Preventing megafires is possible and affordable

Nhat V. Meyer/Getty

In 1995, Tim Ingalsbee…started Firefighters United for Safety, Ethics, and Ecology. Since then FUSEE has been lobbying Congress, and trying to educate anybody who will listen, about the misguided fire policy that is leading to the megafires we are seeing today…

The pattern is a form of insanity: We keep doing overzealous fire suppression across California landscapes where the fire poses little risk to people and structures. As a result, wildland fuels keep building up. At the same time, the climate grows hotter and drier. Then, boom: the inevitable. The wind blows down a power line, or lightning strikes dry grass, and an inferno ensues. This week we’ve seen both the second- and third-largest fires in California history. “The fire community, the progressives, are almost in a state of panic,” Ingalsbee said. There’s only one solution, the one we know yet still avoid. “We need to get good fire on the ground and whittle down some of that fuel load.”…

Mike Beasley earned what he called his “red card,” or wildland firefighter qualification, in 1984. To him, California, today, resembles a rookie pyro Armageddon, its scorched battlefields studded with soldiers wielding fancy tools, executing foolhardy strategy. “Put the wet stuff on the red stuff,” Beasley summed up his assessment of the plan of attack by Cal Fire, the state’s behemoth “emergency response and resource protection” agency. Instead, Beasley believes, fire professionals should be considering ecology and picking their fights: letting fires that pose little risk burn through the stockpiles of fuels. Yet that’s not the mission. “They put fires out, full stop, end of story,” Beasley said of Cal Fire. “They like to keep it clean that way.”

This could be the place for a snappy remark about “tidy minds” are like “tidybowl”…but, how solutions are arrived at isn’t the problem. Politicians, the larger mass of ignorance that keeps the Clown Show in office, the number of corporate fire suppression producers, large and small, with a vested interest in “stability”…only begin to measure the obstacles to overcome.

Read the whole article. Please. Try your best at the avenues of expression available to you. But, let’s get started at the solution. It ain’t anything we don’t already know.

5 thoughts on “Preventing megafires is possible and affordable

  1. McLeod says:

    Fighting fire with fire: Forest managers rethink fire ecology in New Mexico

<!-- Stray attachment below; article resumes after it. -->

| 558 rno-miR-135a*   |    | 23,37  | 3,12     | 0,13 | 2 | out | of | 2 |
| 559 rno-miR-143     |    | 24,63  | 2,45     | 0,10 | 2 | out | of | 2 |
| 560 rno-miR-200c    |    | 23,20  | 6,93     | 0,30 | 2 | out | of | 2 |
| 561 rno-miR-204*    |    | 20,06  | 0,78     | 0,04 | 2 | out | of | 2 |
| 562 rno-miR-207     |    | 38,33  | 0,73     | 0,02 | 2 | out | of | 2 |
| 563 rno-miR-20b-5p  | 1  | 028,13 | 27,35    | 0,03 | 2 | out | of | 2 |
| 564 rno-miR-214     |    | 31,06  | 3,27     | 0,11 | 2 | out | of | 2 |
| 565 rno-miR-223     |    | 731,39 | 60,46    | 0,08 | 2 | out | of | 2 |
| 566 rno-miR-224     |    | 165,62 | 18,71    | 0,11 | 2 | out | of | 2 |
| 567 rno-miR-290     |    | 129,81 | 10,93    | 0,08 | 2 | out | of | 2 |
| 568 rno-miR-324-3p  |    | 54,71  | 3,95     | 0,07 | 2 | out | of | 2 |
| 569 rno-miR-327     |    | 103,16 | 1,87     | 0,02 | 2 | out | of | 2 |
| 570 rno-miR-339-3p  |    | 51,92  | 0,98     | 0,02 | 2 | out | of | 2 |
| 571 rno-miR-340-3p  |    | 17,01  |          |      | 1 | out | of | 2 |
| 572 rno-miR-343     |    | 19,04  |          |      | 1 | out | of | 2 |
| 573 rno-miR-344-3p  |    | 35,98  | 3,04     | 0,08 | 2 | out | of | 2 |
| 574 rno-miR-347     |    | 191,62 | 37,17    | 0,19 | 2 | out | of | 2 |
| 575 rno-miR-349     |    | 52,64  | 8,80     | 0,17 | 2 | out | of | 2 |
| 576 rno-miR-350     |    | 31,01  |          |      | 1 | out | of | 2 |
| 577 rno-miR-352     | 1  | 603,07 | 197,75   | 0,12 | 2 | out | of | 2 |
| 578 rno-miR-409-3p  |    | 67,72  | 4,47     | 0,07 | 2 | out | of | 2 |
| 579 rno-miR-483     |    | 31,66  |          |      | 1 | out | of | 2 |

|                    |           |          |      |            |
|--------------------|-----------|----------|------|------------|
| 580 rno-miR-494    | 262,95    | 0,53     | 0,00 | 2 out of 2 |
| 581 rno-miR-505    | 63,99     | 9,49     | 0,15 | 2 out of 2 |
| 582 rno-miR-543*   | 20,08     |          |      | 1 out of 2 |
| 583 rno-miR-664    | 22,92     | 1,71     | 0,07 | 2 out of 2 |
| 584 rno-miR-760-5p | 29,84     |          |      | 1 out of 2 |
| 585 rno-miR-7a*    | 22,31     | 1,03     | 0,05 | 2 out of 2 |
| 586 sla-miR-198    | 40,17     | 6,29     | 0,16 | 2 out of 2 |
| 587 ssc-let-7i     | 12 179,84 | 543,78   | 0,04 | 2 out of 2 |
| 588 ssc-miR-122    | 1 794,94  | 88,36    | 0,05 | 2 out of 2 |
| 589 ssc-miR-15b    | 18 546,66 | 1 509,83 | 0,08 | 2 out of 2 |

The Las Conchas Fire was a wildfire in New Mexico, USA, in 2011. The fire started in Santa Fe National Forest and burned more than 150,000 acres, threatening Los Alamos National Laboratory and the town of Los Alamos, which was evacuated. After five days of burning, it became the largest wildfire in New Mexico state history at the time, though it was surpassed the following year by the Whitewater-Baldy Complex Fire.”

  2. Big Ernie says:

    Interactive map traces current fires burning across northwest Oregon in real-time
    Multiple wildfires have spread into populated areas east of Salem and Eugene.
    Hurricane-force winds and high temperatures have energized wildfires across Oregon, forcing evacuations in several communities in Marion County, home to the state capital of Salem.
    Our wildfire and smoke tracker traces reported fires from the National Wildfire Coordinating Group and is updated hourly.

  3. Peshtigo says:

    “The West’s Infernos Are Melting Our Sense of How Fire Works : 42,000-foot plumes of ash. 143-mph firenadoes. 1,500-degree heat. These wildfires are a new kind of hell on earth, and scientists are racing to learn its rules.”
    ‘As 2020 has shown, wildfire frequency, size and severity is threatening communities and natural resources across the western U.S. As a result, there is a high demand for decision-making to mitigate risk, improve firefighter safety and increase fire containment efficiency.
    The Colorado Forest Restoration Institute (CFRI) at Colorado State University has been working with the USDA Forest Service Rocky Mountain Research Station (RMRS) to address these interrelated needs in fire and land management. Three recent publications from the research team address new ways to assess risks and evaluate firefighting effectiveness.” See

  4. Stover says:

    The National Significant Wildland Fire Potential Outlook issued October 1 by the Predictive Services section at the National Interagency Fire Center predicts higher than average wildfire potential in October for portions of Oregon, Wyoming, Colorado, Arizona, Nevada, and most of California.
    The data from NIFC shown here represents the cumulative forecasts of the ten Geographic Area Predictive Services Units and the National Predictive Services Unit (click to enlarge).

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